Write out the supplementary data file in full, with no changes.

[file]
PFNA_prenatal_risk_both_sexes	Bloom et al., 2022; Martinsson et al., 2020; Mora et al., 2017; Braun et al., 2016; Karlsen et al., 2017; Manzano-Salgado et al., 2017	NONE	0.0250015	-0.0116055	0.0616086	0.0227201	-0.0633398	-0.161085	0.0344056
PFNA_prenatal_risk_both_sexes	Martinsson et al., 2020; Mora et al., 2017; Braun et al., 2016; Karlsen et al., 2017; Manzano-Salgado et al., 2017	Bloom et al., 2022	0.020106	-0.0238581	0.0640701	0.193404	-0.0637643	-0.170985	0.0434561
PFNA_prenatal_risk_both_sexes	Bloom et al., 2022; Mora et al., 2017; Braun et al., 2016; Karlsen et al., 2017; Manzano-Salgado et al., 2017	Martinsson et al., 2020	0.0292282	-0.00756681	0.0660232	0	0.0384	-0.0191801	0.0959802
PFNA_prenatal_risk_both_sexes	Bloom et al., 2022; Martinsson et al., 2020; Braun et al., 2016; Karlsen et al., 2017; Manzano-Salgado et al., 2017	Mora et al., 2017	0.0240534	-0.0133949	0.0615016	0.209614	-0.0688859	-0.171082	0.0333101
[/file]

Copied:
PFNA_prenatal_risk_both_sexes	Bloom et al., 2022; Martinsson et al., 2020; Mora et al., 2017; Braun et al., 2016; Karlsen et al., 2017; Manzano-Salgado et al., 2017	NONE	0.0250015	-0.0116055	0.0616086	0.0227201	-0.0633398	-0.161085	0.0344056
PFNA_prenatal_risk_both_sexes	Martinsson et al., 2020; Mora et al., 2017; Braun et al., 2016; Karlsen et al., 2017; Manzano-Salgado et al., 2017	Bloom et al., 2022	0.020106	-0.0238581	0.0640701	0.193404	-0.0637643	-0.170985	0.0434561
PFNA_prenatal_risk_both_sexes	Bloom et al., 2022; Mora et al., 2017; Braun et al., 2016; Karlsen et al., 2017; Manzano-Salgado et al., 2017	Martinsson et al., 2020	0.0292282	-0.00756681	0.0660232	0	0.0384	-0.0191801	0.0959802
PFNA_prenatal_risk_both_sexes	Bloom et al., 2022; Martinsson et al., 2020; Braun et al., 2016; Karlsen et al., 2017; Manzano-Salgado et al., 2017	Mora et al., 2017	0.0240534	-0.0133949	0.0615016	0.209614	-0.0688859	-0.171082	0.0333101